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Census Estimates Show Population Decline in 16 States

January 22, 2021 by Dan McCue
Census Estimates Show Population Decline in 16 States
New York City

WASHINGTON — New Census Bureau estimates show 16 states saw population declines last year as the nation experienced its slowest overall growth since the Great Depression, a new Pew Charitable Trusts analysis shows.

According to the analysis, which first appeared on the Trusts’ Stateline Daily, the population of the United States grew only about 7% between 2010 and 2020, nearly mirroring the previous historic low, which was achieved between 1930 and 1940.

California, Massachusetts and Ohio had been growing over the past decade, their declines all coming in the past year.

Michigan, New Jersey and Pennsylvania all saw their numbers begin to slip in 2019, while the remainder of the not-so-sweet sixteen — Alaska, Connecticut, Hawaii, Illinois, Louisiana, Mississippi, New York, Rhode Island, Vermont and West Virginia — all began hemorrhaging population earlier.

The organization emphasizes that the numbers are just preliminary and do not reflect 2020 census counts. The agency is currently scheduled to release its final 2020 census numbers in March.

Those will determine how many congressional seats and Electoral College votes each state gets as well as the distribution of $1.5 trillion in federal spending each year.

Nevertheless, the population declines captured in the numbers that are already public suggest those states are about to enter a period of economic stagnation.

“Knowledge and living standards stagnate for a population that gradually vanishes,” wrote Stanford University economist Charles Jones in a September working paper published by the National Bureau of Economic Research.

Tim Henderson, author of the Stateline piece, said the Census Bureau estimates suggest that New York and California, both hit early by the pandemic, had some of the biggest drops between mid-2019 and mid-2020, with New York losing about 126,000 people and California losing almost 70,000.

The annual estimates he used for analysis are based on births, deaths, construction permits and other records.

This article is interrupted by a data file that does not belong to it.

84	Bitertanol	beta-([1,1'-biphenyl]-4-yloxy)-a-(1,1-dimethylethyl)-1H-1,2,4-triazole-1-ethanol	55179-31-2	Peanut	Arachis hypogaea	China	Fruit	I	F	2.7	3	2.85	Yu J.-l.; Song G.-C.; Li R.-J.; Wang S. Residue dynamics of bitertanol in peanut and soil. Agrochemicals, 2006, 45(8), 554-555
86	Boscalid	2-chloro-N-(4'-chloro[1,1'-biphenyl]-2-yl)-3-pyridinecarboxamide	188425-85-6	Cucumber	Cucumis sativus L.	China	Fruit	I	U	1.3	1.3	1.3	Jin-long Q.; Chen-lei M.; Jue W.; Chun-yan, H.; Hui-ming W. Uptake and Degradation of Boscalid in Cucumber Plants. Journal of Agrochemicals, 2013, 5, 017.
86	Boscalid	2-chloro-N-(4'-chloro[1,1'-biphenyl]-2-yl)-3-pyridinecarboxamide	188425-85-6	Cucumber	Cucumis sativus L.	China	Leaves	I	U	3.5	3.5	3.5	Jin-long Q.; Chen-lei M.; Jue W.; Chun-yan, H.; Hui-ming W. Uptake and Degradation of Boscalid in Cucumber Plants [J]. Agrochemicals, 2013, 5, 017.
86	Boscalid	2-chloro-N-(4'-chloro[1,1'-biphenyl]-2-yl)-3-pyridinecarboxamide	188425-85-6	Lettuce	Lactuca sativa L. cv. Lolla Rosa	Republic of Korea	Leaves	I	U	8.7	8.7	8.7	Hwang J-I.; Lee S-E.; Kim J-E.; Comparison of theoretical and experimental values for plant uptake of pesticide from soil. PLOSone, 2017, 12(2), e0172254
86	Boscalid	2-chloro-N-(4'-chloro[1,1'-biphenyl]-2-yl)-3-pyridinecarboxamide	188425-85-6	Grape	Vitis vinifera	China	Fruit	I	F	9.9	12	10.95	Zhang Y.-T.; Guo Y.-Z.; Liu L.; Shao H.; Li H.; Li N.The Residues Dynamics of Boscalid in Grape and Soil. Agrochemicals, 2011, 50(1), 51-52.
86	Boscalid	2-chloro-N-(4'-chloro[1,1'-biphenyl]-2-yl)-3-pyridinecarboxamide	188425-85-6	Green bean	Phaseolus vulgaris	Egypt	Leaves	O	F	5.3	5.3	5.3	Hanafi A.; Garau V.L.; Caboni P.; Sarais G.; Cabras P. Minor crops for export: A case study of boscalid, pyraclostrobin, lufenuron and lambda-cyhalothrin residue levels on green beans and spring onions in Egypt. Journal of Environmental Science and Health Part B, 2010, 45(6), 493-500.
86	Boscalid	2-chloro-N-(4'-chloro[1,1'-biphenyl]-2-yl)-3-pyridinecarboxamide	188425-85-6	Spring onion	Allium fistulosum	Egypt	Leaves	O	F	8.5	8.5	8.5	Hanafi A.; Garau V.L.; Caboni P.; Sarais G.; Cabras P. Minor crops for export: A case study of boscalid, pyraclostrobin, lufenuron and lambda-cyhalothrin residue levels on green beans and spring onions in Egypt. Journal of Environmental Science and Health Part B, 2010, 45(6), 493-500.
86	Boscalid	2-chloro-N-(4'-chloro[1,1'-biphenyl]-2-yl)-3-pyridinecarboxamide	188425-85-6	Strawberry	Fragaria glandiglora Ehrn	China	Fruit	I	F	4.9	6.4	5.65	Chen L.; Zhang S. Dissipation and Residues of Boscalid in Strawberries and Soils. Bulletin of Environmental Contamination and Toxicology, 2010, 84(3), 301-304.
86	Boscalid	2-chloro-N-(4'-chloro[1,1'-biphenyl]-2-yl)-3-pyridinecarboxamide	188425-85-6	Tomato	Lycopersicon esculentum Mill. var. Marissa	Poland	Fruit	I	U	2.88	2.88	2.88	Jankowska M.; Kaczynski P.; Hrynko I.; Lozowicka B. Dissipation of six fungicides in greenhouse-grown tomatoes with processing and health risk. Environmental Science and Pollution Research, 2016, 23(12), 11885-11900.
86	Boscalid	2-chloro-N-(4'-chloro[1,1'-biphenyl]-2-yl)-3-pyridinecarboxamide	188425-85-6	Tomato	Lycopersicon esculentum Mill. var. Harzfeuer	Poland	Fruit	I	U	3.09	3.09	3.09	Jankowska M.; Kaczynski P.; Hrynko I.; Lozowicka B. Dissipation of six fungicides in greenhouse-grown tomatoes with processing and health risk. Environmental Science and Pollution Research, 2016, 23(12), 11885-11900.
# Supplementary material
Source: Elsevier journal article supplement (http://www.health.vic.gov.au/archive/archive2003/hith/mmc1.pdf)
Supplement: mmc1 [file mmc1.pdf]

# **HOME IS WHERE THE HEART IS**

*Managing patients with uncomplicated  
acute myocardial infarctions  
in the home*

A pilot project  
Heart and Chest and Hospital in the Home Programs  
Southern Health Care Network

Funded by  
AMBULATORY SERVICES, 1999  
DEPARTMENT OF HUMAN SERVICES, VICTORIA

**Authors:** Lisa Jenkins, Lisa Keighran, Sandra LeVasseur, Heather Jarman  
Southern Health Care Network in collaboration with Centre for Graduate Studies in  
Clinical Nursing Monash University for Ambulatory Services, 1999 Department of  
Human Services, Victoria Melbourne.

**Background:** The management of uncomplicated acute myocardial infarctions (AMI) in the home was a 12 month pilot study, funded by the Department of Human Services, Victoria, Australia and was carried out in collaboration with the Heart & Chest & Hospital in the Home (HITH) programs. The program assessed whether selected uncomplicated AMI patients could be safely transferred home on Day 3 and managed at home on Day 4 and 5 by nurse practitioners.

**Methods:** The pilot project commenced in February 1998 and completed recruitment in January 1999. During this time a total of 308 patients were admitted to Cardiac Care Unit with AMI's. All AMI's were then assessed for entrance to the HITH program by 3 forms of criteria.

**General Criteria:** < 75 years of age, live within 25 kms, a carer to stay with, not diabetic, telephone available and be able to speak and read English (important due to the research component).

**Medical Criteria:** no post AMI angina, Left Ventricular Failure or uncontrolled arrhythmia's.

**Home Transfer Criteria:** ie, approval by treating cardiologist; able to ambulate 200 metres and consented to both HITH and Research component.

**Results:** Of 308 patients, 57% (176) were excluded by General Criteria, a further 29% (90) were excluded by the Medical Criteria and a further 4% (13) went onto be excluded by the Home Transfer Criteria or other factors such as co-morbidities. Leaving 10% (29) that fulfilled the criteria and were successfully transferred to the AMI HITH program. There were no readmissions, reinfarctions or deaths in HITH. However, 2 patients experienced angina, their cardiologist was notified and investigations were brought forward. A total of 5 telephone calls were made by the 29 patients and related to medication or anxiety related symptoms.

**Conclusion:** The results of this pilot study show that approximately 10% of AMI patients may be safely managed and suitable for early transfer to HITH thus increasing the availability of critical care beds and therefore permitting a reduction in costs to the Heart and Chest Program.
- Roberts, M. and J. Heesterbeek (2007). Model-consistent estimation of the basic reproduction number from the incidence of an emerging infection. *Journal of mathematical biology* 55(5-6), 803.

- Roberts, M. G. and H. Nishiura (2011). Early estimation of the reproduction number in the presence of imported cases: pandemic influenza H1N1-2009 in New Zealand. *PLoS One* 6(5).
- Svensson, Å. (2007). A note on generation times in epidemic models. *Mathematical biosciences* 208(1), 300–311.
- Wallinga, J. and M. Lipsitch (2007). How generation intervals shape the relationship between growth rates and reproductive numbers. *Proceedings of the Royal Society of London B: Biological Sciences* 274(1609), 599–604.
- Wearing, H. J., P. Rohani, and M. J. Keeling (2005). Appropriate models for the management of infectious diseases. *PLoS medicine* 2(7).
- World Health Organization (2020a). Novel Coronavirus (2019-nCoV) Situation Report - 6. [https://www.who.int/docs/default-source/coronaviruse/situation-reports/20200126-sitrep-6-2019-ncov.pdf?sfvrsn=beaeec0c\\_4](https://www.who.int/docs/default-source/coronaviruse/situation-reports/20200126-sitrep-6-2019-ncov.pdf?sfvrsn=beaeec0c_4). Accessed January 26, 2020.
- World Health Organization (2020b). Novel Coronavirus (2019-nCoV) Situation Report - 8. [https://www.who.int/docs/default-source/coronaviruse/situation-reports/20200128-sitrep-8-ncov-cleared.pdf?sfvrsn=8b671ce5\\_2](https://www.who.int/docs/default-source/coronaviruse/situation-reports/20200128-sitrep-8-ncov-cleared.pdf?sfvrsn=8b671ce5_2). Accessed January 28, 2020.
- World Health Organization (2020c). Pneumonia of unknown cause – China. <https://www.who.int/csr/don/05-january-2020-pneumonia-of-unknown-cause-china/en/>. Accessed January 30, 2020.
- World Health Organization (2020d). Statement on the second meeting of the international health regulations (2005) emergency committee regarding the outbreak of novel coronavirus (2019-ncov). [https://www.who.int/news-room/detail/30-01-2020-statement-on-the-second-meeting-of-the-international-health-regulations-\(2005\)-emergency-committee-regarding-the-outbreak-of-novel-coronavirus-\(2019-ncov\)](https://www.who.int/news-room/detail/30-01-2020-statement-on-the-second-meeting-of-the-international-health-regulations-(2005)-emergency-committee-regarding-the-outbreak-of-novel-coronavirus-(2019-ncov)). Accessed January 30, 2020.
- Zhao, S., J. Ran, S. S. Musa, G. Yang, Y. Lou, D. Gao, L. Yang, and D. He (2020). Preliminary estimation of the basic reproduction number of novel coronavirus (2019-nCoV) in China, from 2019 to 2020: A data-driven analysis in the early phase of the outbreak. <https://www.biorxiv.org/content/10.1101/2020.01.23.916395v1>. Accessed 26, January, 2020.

Also, Illinois’ population slide continued with a drop of about 79,000. New York and Illinois had the largest percentage drops in population, about two-thirds of one percent for each, Henderson wrote.

The big gainers were Texas, up about 374,000 people for the year, and Florida, up about 241,000.

In percentage terms, the data suggests the Mountain West states of Idaho (2.1% growth for the year) followed by Arizona (1.8%), Nevada and Utah (1.5%) grew fastest.

“The results mean New York is more likely to lose a seat in Congress and an Electoral College vote, and dim California’s hopes of staving off such a loss. Alabama also is in danger of losing a seat,” Henderson wrote.

Meanwhile, Florida could get an additional seat based on last year’s growth.

The full census will provide a lot more information and clarity on winners and losers, but the outcome of the decennial count also depends on how well the census was done at a time when the global pandemic up-ended normal processes and procedures.

A number of former Census Bureau directors and lawmakers have advised the Biden administration to take more time to review and process population figures to be sure they get them right.

“The question is whether the damage caused by the Trump administration can be rectified,” Marc Morial, president and CEO of the National Urban League, said during a recent interview.

The Urban League joined other advocacy groups and cities last year to sue the Trump administration over a decision to end the once-a-decade head count early.

Other “damage” inflicted on this year’s count include a failed effort to add a citizenship question to the 2020 census questionnaire and a Trump order to figure out who is a citizen and who is in the U.S. illegally.

Critics say another Trump directive, meant to exclude undocumented immigrants in the country from the apportionment of congressional seats, shortened schedules to collect and process data.

They also contend that four political appointments to top positions inside the bureau by Trump also threatened the count’s integrity. The Office of Inspector General last week said two of them had pressured bureau workers to figure out who is in the U.S. illegally.

President Joe Biden moved quickly to revoke Trump’s order to produce citizenship data and the former president’s memo attempting to exclude undocumented immigrants from the apportionment count.

The Biden administration also has pledged to give the Census Bureau the time it needs to crunch the final data. 

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